Monday, May 06, 2024

A time for our Church to break free from the chains of history (Opinion)

There are times as one gets older when wistful little aspirations creep into the consciousness about faith and the consolation that it seems to provide for those who have it. 

Most people I know who have such a sincerity of faith do seem to be that bit happier and more content with their lot than those of us who slip into the Doubting Thomas category.

The Church, for all its individual and establishment crises back the generations in Ireland, does provide many of us with little rays of hope and especially so when a close connection passes on.

I remember once being at a funeral in England when the coldness and brevity of the service took me somewhat aback. In a way it seemed like a business transaction of sorts – in, out and down.

A couple of weeks back, my editor left me with a Monday morning mission of writing an explanatory piece about changes in the management of the Catholic Church in the western Province of Tuam.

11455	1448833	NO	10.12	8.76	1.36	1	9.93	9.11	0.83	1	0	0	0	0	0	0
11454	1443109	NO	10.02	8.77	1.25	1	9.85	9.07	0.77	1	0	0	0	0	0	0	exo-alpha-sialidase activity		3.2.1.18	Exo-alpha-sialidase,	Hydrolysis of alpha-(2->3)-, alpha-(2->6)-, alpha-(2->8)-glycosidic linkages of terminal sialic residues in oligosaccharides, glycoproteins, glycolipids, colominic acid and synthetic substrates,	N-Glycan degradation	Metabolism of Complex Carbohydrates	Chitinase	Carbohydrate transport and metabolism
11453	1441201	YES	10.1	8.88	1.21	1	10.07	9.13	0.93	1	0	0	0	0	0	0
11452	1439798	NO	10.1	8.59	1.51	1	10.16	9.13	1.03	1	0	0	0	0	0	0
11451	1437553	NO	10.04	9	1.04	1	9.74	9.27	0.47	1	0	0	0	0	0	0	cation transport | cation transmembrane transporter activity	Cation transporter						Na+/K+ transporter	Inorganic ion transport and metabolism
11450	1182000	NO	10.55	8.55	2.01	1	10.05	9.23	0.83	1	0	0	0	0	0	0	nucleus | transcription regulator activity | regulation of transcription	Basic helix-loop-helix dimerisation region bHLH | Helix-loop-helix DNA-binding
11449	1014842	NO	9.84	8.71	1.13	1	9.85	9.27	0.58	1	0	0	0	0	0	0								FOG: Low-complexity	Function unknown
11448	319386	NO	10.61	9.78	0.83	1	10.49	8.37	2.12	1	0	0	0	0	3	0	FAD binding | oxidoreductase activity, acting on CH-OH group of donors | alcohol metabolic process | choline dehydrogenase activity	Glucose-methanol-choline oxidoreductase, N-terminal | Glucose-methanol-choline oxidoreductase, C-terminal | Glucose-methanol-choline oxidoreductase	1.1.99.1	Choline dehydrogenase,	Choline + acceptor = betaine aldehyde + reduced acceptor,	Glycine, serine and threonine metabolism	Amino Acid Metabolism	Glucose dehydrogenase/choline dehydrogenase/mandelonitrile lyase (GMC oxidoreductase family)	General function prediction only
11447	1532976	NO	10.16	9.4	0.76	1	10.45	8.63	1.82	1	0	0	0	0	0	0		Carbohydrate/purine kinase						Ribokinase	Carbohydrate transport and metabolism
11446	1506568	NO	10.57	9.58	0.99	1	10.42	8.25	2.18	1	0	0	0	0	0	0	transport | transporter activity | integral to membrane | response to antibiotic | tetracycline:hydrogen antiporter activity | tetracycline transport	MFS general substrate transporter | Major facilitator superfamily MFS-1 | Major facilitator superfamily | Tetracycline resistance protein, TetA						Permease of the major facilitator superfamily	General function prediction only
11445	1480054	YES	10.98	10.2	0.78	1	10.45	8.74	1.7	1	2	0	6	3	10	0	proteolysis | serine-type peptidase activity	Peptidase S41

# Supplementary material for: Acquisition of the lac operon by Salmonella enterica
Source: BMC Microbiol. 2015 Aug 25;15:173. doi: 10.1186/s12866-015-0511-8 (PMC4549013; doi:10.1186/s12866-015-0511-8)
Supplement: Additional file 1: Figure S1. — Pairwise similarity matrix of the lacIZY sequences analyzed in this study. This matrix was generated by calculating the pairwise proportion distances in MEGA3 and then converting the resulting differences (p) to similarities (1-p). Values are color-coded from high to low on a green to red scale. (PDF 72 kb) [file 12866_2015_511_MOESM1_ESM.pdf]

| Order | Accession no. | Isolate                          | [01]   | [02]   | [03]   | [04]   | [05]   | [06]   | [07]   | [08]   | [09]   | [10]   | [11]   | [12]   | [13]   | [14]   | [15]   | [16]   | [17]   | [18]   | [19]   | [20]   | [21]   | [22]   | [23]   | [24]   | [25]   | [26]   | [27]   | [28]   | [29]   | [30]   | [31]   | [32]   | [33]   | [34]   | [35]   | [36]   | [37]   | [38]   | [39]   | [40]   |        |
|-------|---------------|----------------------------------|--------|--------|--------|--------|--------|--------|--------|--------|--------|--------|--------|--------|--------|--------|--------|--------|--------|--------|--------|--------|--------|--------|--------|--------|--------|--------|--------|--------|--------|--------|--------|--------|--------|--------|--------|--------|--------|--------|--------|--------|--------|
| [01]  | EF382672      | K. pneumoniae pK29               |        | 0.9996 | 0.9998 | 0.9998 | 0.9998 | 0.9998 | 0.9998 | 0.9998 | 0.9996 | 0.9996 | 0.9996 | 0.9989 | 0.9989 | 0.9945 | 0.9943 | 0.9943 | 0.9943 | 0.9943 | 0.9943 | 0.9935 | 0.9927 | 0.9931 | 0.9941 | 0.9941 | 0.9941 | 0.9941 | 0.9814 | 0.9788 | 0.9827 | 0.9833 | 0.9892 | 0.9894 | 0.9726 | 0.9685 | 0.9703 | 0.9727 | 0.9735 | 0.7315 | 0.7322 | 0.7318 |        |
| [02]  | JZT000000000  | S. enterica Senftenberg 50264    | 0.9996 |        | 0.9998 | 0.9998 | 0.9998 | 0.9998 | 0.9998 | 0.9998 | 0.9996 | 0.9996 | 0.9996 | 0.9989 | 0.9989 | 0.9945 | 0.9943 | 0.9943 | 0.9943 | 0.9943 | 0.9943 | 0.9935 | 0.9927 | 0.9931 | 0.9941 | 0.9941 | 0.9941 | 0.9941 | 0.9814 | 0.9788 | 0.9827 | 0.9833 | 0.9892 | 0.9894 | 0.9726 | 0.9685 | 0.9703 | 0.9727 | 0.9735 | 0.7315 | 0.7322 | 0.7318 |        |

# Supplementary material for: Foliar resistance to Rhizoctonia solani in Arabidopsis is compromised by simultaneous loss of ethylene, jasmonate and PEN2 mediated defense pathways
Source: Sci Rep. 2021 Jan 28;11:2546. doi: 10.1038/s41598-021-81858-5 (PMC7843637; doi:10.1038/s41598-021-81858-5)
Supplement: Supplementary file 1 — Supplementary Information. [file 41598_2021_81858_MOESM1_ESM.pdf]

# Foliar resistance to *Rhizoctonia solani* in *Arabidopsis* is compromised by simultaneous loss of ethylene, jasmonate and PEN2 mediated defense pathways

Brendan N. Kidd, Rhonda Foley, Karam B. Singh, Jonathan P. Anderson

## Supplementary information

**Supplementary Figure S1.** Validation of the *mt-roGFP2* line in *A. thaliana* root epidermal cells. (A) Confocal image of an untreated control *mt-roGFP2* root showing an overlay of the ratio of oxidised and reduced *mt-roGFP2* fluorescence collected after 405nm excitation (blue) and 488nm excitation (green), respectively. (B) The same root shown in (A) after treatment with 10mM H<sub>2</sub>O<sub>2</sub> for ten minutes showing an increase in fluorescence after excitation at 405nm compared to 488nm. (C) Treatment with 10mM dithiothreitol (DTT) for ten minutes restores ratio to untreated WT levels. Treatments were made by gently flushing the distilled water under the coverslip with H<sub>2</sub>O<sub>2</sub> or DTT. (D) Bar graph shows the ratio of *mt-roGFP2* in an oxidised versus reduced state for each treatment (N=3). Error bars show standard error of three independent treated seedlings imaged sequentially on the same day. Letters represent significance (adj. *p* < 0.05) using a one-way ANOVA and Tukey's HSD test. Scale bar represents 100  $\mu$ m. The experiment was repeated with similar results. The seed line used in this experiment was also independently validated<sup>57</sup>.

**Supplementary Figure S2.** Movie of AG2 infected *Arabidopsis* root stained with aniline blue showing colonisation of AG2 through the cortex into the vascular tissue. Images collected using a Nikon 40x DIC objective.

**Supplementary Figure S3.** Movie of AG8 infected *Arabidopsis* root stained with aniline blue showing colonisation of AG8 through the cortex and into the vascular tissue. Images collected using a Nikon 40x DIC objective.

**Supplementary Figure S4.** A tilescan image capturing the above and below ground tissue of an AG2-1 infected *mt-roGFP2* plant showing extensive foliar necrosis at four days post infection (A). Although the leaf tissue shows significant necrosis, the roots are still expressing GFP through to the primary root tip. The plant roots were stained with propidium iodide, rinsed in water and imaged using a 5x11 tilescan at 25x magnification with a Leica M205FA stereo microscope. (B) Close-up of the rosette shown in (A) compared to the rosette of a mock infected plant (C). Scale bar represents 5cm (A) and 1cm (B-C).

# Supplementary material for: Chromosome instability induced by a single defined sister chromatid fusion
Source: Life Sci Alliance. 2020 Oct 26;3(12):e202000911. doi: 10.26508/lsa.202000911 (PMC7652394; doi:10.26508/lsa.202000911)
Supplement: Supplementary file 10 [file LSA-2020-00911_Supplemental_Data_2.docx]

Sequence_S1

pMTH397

I have to admit to starting off ‘from scratch’ on such an assignment and a little familiarisation cum research had to be undertaken to ‘throw an eye ‘on what is quite a vast (by Irish standards) territorial stretch of ground from the banks of the Shannon to the tip of Belmullet.

The theme of Church changes across Ireland over recent decades is pretty much the same: a decline in vocations; a scarcity of priests; and an average age profile of clergy which is now well into the mid-70s.

A little bit of online research unearthed a few articles about how Ireland – once regarded as the jewel in the Catholic crown as regards vocations – has now slipped into the relegation zone with fewer and fewer young men stepping forward for a career of the cloth.

The reality ‘on the ground’ for priests in Ireland now is that they have to serve maybe two to three parishes and not like the old days, they just cannot be available at every beck and call for many of the duties that we took for granted in the past.

According to the Catholic Herald magazine, over the past three years 25% of priests in Ireland have died, not surprising given the age demographics of the Irish clergy while it also pointed out that since 1970, there has been a 70% drop in vocations across the country.